Lemann links

Some followup links reacting to Nick Lemann’s j-school memo.

Charlie Beckett:

The future of journalism (cue plug: “as I write in my new book, SuperMedia”) is about how paid journalists work with unpaid citizen journalists, professionals and public sharing the process. We will need fewer hacks churning out the basics and more expert editorial entrepreneurs and ‘enablers’ working with the citizen and consumer. That’s where we should focus our thinking and our investment in journalism studies.

Charlie continues in the comments here:

I agree with most of what Lemann says as I think you do too, Jeff. (Now there’s a first!). But what I think we have to be careful of is framing this problem as elite versus vocational.
Yes, we will need much more citizen-friendly, networked journalism in places that do media education (and all schools should be j-schools to an extent).
But we also need thought-leadership education for the editorial innovation, enterprise and strategic planning that will enable the grass-roots changes.
Here at Polis we are lucky to have both: a high-powered intellectual research capacity at the London School of Economics plus a state-of-the-art vocational department at the London College of Communications.
One answer is more interaction between us all.

Matt Storrin, former ME of the NY Daily News (and a colleague of mine there), also in the comments:

Perhaps this is an unfair comparison, because at Notre Dame we have no journalism major, but only a minor or “concentration.” It’s a small program. Many courses are open to students outside the program. In my current media ethics class, at least half have no interest in a professional journalism career. (Two probably dream of careers in the NBA and NFL.) In my fall course, a modern history of journalism, two thirds said they had no intention of pursuing a journalism career. I would think there must be other schools where this is true. I think you are right, given the media landscape today, there is reason to believe that these “non-journalist” students may actually find practical benefit from these courses not only as consumers (the default rationale) but as practitioners.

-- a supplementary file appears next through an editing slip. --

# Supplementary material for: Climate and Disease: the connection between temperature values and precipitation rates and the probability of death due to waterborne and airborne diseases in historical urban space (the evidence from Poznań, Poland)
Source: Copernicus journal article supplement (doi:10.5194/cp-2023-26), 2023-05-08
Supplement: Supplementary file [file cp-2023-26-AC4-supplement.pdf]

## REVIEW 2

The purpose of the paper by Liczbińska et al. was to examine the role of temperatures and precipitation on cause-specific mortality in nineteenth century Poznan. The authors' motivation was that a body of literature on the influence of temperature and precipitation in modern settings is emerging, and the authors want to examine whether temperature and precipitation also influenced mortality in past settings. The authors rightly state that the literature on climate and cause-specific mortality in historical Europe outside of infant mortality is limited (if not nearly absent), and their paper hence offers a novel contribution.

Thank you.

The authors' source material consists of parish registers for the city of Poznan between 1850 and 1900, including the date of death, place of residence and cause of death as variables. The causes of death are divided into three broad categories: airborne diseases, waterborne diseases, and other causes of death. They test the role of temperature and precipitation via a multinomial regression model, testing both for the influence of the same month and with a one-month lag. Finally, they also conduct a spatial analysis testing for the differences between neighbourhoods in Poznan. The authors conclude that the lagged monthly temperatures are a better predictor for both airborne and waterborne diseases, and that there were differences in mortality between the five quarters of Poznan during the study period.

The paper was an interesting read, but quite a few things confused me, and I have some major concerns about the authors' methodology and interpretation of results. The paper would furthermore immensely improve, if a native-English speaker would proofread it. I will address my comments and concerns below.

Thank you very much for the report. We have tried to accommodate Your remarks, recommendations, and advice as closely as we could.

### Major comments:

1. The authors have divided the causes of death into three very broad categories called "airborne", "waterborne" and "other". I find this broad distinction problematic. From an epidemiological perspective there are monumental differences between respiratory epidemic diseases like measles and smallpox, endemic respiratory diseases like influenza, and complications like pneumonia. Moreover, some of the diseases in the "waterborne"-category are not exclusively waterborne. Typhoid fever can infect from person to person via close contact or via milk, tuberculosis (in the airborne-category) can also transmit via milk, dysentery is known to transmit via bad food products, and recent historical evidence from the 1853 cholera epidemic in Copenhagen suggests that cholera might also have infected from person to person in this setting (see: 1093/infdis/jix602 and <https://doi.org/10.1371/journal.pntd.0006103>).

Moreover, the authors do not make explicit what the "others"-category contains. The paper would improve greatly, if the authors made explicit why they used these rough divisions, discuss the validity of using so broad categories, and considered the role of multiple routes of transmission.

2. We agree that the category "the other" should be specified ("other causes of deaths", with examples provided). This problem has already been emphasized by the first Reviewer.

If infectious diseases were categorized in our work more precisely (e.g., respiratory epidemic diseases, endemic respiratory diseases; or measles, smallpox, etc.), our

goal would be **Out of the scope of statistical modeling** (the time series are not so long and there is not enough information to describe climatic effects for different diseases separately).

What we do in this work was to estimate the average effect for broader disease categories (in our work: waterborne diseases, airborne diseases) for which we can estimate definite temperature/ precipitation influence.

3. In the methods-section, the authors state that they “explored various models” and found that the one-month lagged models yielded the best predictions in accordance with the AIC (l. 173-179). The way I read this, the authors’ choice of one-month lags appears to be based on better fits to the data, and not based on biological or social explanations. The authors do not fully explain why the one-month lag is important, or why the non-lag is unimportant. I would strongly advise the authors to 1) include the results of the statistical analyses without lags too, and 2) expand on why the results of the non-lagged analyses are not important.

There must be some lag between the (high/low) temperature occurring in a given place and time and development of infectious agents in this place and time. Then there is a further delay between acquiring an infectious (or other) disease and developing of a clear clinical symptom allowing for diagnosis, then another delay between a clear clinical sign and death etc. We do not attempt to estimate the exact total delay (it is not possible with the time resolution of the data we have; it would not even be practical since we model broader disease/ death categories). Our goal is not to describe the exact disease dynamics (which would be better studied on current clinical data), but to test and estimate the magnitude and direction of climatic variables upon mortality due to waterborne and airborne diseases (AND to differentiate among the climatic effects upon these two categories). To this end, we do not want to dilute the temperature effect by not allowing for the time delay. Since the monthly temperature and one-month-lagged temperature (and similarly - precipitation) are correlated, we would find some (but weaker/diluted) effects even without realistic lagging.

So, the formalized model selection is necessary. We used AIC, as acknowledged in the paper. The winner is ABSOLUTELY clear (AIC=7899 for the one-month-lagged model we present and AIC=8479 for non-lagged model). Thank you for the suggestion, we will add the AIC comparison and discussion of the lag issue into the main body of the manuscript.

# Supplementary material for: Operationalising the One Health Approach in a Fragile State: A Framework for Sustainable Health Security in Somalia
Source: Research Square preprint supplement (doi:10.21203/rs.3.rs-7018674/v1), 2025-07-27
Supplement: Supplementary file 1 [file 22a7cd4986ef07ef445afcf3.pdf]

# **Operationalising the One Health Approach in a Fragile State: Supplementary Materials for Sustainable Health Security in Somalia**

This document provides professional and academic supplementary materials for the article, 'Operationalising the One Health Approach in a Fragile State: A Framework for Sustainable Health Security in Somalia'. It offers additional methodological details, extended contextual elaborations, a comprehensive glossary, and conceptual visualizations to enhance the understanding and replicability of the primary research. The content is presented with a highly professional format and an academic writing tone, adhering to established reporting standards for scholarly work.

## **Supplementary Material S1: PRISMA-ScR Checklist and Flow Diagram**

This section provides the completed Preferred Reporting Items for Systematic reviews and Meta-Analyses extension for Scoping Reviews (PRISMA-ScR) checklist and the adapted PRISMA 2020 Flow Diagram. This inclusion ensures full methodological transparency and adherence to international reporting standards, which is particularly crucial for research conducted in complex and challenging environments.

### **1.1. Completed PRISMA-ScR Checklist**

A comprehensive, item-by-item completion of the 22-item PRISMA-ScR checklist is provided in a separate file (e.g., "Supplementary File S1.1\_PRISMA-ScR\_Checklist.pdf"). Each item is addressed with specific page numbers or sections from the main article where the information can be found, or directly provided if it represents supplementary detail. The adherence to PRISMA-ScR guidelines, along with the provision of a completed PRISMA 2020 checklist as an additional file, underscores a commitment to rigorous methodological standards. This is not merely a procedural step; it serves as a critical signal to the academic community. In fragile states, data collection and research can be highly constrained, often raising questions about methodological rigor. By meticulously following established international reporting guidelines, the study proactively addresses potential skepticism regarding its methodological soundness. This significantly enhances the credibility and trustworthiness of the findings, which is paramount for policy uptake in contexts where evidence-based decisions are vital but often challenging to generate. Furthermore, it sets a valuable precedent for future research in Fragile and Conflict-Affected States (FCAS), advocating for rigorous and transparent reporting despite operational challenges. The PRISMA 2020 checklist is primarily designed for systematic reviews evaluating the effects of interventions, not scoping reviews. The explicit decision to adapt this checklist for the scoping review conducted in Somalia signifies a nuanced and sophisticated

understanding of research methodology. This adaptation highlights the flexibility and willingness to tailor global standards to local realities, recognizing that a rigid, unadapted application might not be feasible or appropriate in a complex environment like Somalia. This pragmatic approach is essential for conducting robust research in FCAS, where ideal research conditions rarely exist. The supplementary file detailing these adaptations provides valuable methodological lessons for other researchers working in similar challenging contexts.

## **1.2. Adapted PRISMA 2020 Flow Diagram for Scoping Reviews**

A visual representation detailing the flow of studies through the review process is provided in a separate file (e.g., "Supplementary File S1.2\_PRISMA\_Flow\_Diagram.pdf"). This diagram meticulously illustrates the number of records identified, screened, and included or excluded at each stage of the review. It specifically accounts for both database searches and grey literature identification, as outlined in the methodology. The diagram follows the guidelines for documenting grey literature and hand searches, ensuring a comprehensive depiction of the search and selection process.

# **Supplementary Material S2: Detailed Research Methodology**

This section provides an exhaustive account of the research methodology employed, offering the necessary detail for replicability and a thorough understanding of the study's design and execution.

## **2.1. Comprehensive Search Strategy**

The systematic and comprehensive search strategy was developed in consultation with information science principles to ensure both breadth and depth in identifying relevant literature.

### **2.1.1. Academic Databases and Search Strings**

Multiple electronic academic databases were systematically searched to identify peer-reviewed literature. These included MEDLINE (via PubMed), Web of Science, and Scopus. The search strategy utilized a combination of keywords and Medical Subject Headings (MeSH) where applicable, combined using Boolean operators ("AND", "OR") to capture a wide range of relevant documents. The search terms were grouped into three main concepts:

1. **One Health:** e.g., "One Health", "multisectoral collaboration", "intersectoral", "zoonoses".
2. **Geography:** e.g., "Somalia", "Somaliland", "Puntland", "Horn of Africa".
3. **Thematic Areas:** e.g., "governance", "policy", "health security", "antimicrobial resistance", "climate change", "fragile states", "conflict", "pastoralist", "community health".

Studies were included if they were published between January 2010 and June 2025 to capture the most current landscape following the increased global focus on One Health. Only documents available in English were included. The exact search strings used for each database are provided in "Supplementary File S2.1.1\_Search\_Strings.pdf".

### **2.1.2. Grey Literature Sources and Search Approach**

And here’s Mindy McAdams.

  • Vee

    Most of us pursued journalism, because we saw ourselves as agents of change. With the availabity of new technology and the reader/viewer with more options to make up their minds, we just have to start, even if late to embrace what is described as ‘new media”. Become more innovative.

    It hurts to start over and over again to compete with the young turks on line, but they are making money and increasingly are becoming more dominant in a business in which they have little training. We have to embrace what labeled” the multi-platform approach, learn everything digital and as in working go get a good story– attack it from all angles.

    Hopefully, we too can make money at what we love doing as we try to become better at what we do. That seem to be only option –available to journalists unless we chose to be writers for tabloids– needs no brain/creativity, just pictures, videos, and little else. That clearly is now the name of the “game”.

    http://www.vernasmith.blogspot.com

  • http://www.scribblesheet.co.uk/ Brian

    New media has to be embraced otherwise you will just get left behind. I think journalism has become more collaborative with the presence of citizen journalism.

  • Andy Freeman

    > Most of us pursued journalism, because we saw ourselves as agents of change.

    As a reader, that’s what I hate about professional journalism.

    I find it interesting that you look down on what your readers value most, honest reporting.

  • lemann

    are we related ?
    regards
    Peter lemann